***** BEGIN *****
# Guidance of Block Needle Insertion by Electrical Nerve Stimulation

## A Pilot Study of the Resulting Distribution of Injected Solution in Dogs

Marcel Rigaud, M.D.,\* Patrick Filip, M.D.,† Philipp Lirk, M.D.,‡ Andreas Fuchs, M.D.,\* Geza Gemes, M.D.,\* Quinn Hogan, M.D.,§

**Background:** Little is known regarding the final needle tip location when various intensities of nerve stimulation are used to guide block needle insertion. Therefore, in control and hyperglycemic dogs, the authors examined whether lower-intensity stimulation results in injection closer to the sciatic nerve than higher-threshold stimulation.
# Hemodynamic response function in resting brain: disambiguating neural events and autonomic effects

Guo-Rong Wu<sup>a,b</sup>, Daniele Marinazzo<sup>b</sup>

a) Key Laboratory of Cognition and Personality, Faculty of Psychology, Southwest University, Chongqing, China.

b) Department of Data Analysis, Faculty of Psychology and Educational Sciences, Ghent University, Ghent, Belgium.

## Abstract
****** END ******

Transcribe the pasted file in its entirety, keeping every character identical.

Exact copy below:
# Guidance of Block Needle Insertion by Electrical Nerve Stimulation

## A Pilot Study of the Resulting Distribution of Injected Solution in Dogs

Marcel Rigaud, M.D.,\* Patrick Filip, M.D.,† Philipp Lirk, M.D.,‡ Andreas Fuchs, M.D.,\* Geza Gemes, M.D.,\* Quinn Hogan, M.D.,§

**Background:** Little is known regarding the final needle tip location when various intensities of nerve stimulation are used to guide block needle insertion. Therefore, in control and hyperglycemic dogs, the authors examined whether lower-intensity stimulation results in injection closer to the sciatic nerve than higher-threshold stimulation.
# Hemodynamic response function in resting brain: disambiguating neural events and autonomic effects

Guo-Rong Wu<sup>a,b</sup>, Daniele Marinazzo<sup>b</sup>

a) Key Laboratory of Cognition and Personality, Faculty of Psychology, Southwest University, Chongqing, China.

b) Department of Data Analysis, Faculty of Psychology and Educational Sciences, Ghent University, Ghent, Belgium.

## Abstract